An International Atomic Energy Agency team of experts has concluded a 10-day mission to review Cuba’s preparedness and response framework for nuclear and radiological emergencies. The Emergency Preparedness Review (EPREV), requested by the Government, was carried out under an IAEA Technical Cooperation project aimed at strengthening the national infrastructure for radiation safety and protection in the Republic of Cuba.
Antonio Ortiz Olmo, of the Spanish Nuclear Safety Council (CSN), led the five-person review team, which also included experts from Chile, Portugal and the IAEA.
“The team benefited from the very detailed, comprehensive and helpful self-assessment performed by the Government of Cuba in preparation for the EPREV mission, from the excellent involvement of relevant organizations integrated under a strong civil defence system and from the full availability of documents, personnel and facilities,” Ortiz Olmo said.
The team identified specific good practices that go beyond requirements set in the IAEA safety standards, including:
ㆍThe use of a comprehensive system for methodically analysing actual national and international events, identifying lessons learned and disseminating them to all relevant organizations.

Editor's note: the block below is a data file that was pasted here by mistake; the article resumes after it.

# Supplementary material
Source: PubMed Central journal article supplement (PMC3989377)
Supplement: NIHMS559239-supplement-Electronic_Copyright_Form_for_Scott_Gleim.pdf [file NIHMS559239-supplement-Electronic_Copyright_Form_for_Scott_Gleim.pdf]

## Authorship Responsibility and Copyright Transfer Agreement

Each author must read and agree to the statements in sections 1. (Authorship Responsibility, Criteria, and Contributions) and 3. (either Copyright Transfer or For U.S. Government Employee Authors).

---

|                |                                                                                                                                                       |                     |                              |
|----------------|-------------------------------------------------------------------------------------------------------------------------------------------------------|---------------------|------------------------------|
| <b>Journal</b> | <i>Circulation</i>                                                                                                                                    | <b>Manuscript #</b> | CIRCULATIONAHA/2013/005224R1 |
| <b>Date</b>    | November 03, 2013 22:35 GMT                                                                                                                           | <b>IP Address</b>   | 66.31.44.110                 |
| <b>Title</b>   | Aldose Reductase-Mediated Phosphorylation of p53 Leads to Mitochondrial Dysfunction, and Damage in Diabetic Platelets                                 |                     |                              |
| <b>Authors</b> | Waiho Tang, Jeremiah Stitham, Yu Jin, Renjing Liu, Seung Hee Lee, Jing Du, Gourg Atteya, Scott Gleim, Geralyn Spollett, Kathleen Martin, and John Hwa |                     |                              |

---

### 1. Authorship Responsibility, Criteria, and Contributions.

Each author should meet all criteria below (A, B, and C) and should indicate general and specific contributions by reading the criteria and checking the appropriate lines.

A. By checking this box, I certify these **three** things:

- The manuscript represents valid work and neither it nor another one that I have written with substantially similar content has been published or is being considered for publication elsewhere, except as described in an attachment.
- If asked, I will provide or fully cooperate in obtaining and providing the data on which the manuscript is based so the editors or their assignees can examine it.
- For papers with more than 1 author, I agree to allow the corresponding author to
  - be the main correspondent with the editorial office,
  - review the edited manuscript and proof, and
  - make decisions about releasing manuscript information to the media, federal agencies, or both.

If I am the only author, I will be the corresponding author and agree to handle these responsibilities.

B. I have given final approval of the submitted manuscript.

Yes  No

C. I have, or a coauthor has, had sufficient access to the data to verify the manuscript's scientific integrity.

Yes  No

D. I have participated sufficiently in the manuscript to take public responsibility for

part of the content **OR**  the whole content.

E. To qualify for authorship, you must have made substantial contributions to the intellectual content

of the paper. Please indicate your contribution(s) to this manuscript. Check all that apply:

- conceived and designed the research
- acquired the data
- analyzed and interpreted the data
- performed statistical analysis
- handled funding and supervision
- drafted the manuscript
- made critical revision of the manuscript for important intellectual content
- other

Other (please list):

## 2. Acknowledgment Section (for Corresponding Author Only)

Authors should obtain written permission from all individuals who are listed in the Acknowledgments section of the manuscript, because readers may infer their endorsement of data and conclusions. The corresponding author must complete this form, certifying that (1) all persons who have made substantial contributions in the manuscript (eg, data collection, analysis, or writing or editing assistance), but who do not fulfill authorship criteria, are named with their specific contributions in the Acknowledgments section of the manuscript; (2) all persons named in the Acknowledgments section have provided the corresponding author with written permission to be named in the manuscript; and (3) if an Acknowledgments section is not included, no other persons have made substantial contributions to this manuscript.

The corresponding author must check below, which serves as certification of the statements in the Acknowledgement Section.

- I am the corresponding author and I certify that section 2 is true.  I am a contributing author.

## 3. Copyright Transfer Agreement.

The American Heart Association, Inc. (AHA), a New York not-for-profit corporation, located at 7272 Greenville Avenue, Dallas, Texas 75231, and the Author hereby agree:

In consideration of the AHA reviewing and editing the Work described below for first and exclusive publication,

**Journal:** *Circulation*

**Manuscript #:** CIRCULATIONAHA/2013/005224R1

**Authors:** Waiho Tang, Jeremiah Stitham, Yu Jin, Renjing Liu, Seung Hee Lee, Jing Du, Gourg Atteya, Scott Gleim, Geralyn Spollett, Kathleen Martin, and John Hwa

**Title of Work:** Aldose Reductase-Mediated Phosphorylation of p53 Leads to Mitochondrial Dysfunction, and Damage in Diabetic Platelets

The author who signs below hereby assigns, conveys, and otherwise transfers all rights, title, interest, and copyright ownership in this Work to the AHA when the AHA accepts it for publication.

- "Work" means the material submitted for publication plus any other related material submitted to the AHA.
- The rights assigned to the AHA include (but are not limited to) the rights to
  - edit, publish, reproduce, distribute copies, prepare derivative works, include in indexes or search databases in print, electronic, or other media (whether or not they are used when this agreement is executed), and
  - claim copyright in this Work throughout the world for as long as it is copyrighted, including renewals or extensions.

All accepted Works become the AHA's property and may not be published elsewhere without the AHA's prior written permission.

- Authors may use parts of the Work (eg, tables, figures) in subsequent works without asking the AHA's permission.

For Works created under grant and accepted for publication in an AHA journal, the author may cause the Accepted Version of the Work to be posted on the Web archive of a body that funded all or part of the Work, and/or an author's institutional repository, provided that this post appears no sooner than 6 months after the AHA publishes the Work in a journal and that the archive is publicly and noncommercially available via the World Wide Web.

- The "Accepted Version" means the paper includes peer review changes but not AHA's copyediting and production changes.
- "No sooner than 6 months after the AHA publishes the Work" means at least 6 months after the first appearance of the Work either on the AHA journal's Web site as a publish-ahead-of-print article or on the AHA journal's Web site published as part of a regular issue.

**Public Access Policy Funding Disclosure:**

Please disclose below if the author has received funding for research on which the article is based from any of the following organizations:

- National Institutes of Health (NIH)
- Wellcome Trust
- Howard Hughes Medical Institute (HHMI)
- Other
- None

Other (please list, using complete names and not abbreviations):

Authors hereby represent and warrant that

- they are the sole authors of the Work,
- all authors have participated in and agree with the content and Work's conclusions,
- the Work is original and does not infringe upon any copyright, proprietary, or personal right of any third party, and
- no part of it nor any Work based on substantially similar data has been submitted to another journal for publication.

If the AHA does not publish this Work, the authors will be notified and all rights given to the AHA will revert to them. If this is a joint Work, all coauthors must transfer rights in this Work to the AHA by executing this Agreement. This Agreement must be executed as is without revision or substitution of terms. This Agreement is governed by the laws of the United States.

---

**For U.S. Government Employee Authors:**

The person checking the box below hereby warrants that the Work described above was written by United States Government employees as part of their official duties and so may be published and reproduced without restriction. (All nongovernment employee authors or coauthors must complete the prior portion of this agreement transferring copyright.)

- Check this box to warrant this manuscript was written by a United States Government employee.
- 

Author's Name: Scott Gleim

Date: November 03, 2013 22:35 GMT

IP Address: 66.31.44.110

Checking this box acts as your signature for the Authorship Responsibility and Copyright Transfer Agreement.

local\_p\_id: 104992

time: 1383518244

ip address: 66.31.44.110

ㆍThe use of a systematic approach for developing integrated and coordinated nuclear and radiological emergency plans before starting operation of a radiological facility.
ㆍProviding integrated training for nuclear or radiological emergency preparedness and response to customs officers, in close cooperation with the regulatory authorities in safety and security.
The team also highlighted areas where further progress is needed, including:
ㆍFurther development of formal and detailed procedures for emergency response.
ㆍRevision of the protection strategy in line with the latest IAEA safety standards.
ㆍFurther improvement of the framework for the protection of emergency workers and helpers.
The Government intends to adopt an action plan to address the findings and to host a follow-up EPREV mission in approximately four years.